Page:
Water

Water for wetlands

By Country News

Up to 5.1Gl of environmental flows are set to make their way to wetlands in northern Victoria in a bid to bolster the health of fish and water quality in a number of wetlands.

The flows to five Loddon Murray wetlands — Lake Murphy, Johnson Swamp, the Wirra-Lo Wetland Complex, Round Lake and Lake Elizabeth — will take place in the coming weeks.

In the past three decades, bird numbers across the Murray-Darling Basin have declined by more than 70 per cent, as a changed landscape, introduced predators and climate change take their toll.

North Central Catchment Management Authority environmental flows project manager Darren White said the flows would help to provide a refuge for native and migratory birds.

‘‘Managing (the wetlands) with fluctuating water levels over the years means they are productive and attract birds of all kinds, including those that like high and low levels of water,’’ he said.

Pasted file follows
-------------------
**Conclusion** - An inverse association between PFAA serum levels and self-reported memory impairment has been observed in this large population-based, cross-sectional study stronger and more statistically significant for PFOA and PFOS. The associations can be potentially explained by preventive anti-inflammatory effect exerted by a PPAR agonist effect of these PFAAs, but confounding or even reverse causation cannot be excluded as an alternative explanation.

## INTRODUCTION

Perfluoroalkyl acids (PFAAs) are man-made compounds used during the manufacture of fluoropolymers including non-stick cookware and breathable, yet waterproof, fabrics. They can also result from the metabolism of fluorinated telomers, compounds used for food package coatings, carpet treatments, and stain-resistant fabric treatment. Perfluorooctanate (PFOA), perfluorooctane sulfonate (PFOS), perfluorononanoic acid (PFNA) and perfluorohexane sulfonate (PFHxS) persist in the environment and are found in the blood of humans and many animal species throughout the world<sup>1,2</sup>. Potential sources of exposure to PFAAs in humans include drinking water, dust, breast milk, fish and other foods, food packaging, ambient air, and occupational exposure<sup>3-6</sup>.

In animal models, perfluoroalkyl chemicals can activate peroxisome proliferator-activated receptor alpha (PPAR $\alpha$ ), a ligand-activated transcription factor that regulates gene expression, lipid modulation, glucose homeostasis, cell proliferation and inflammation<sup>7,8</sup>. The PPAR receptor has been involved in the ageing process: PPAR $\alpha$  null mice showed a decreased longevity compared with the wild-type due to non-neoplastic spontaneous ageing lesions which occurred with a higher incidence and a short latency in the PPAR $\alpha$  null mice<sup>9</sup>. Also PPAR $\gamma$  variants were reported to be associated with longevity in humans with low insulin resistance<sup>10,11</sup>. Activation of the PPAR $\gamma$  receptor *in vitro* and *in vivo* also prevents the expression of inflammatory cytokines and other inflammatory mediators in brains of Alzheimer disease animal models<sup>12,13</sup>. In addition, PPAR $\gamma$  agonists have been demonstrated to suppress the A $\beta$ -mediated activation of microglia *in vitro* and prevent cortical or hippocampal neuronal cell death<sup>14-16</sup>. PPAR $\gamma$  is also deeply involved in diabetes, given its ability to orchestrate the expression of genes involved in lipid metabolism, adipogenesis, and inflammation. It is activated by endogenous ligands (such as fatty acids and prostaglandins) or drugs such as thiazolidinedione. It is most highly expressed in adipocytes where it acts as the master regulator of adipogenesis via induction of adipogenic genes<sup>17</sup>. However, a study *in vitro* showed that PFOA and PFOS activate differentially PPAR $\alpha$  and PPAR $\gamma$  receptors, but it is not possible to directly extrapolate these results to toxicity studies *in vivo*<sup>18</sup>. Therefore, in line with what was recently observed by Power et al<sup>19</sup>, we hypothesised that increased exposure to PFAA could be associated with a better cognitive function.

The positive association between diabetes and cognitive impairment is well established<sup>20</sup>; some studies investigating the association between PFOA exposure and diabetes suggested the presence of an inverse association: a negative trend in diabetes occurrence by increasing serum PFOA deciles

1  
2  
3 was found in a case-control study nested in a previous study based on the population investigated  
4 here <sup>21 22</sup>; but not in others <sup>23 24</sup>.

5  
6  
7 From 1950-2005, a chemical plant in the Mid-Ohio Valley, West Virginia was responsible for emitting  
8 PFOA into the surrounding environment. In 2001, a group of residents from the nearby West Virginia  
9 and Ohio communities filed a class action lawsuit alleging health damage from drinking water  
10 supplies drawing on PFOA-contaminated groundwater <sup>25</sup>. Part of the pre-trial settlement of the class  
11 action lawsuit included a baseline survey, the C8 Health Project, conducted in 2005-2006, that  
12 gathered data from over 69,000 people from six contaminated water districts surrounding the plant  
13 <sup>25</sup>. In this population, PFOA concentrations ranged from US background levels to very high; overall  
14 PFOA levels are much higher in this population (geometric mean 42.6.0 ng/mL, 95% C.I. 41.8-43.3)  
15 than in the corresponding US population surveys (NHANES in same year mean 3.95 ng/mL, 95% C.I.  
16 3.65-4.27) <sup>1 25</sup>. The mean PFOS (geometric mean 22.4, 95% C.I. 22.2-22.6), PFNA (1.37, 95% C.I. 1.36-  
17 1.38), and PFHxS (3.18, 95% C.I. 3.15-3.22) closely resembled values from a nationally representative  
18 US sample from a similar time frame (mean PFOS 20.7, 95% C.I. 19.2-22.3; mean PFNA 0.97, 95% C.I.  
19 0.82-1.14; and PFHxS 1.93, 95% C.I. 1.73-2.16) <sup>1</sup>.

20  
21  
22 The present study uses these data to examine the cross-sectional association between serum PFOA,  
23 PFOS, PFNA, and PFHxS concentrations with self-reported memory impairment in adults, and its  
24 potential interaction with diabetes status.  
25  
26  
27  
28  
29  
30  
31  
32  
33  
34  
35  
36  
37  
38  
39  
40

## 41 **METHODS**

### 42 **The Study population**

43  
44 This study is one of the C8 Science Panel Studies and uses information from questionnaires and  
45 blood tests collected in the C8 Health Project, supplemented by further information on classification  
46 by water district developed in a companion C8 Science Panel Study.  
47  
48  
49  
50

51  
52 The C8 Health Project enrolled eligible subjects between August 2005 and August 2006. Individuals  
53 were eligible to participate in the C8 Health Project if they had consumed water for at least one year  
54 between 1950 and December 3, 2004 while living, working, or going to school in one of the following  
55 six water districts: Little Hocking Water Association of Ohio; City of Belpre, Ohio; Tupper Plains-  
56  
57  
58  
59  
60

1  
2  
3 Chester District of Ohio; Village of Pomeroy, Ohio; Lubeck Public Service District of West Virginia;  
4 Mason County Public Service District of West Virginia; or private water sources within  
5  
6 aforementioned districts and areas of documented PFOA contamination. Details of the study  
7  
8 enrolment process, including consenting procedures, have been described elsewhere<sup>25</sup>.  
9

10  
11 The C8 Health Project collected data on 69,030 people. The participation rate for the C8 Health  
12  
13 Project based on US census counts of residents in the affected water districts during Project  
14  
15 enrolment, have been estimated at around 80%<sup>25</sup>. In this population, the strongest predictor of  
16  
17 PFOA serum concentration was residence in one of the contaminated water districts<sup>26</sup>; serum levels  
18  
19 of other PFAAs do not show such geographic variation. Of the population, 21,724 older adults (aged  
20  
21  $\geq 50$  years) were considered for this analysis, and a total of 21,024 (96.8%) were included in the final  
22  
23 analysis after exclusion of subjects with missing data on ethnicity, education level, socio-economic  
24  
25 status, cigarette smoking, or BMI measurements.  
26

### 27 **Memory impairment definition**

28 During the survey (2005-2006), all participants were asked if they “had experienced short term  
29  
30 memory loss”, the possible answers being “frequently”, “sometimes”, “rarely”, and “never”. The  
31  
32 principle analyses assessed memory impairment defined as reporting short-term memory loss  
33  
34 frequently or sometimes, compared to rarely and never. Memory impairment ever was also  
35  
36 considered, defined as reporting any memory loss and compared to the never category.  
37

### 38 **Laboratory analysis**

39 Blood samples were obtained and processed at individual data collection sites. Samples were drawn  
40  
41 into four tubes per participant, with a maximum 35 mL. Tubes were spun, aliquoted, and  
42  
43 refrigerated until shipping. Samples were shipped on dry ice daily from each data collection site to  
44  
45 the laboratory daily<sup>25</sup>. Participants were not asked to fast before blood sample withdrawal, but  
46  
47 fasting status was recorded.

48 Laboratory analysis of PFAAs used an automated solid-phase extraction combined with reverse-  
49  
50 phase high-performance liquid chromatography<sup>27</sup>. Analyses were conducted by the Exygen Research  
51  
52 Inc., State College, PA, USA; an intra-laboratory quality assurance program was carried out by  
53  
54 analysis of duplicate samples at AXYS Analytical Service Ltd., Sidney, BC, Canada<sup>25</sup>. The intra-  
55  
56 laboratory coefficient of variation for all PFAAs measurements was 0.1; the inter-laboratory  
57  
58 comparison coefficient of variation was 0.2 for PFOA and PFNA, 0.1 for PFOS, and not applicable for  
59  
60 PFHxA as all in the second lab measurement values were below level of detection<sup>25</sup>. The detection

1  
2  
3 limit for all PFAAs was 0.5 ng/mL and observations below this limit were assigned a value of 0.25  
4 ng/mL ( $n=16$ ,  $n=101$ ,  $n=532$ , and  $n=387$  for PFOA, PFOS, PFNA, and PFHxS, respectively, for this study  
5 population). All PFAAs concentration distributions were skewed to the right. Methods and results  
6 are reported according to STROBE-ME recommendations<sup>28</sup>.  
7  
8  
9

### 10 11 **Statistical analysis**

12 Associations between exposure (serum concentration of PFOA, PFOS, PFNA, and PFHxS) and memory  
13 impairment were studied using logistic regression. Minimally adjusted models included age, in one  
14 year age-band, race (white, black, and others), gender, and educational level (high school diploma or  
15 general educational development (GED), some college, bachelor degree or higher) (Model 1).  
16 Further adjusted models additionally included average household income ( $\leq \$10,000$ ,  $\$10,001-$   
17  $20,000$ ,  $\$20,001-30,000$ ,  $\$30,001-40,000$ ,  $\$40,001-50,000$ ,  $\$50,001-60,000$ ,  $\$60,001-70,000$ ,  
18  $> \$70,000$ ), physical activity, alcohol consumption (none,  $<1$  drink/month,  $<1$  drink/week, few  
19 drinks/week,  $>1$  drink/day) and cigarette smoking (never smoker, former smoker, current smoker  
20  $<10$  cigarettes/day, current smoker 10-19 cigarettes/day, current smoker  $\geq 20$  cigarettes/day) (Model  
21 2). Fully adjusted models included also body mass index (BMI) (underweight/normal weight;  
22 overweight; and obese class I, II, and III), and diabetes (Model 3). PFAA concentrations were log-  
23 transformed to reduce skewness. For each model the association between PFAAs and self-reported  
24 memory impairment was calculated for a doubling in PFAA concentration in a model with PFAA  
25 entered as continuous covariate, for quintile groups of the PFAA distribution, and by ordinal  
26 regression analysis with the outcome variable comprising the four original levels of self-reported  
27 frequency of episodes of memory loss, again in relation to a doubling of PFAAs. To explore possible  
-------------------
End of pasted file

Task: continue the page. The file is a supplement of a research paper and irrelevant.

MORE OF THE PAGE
‘‘We know these wetlands were home to a lot of birds coming down from NSW over the spring breeding season, and it’s important they remain healthy to help the new generation of birds thrive and survive.

‘‘We have seen birds such as the endangered Australasian bittern and brolga breeding and feeding in these wetlands.’’

The North Central CMA will manage a series of small flows to the five Loddon Murray wetlands with flows mostly to be top-ups or water to prime the wetland in preparation for spring, according to Mr White.

‘‘At Lake Elizabeth and Round Lake the water will be delivered to manage salinity levels for the endangered small-bodied Murray hardyhead fish,’’ Mr White said.

‘‘It’s important that wetlands receive water, when possible, during dry conditions.

‘‘Many of the state’s rivers, floodplains and wetlands constantly experience an artificial drought because of river regulation and population growth.

‘‘This means that even when it is wet, they get less water than they would have naturally, as water is held back and stored, and up to half of it is removed for farms, towns and businesses. This impact is even greater when conditions are dry.’’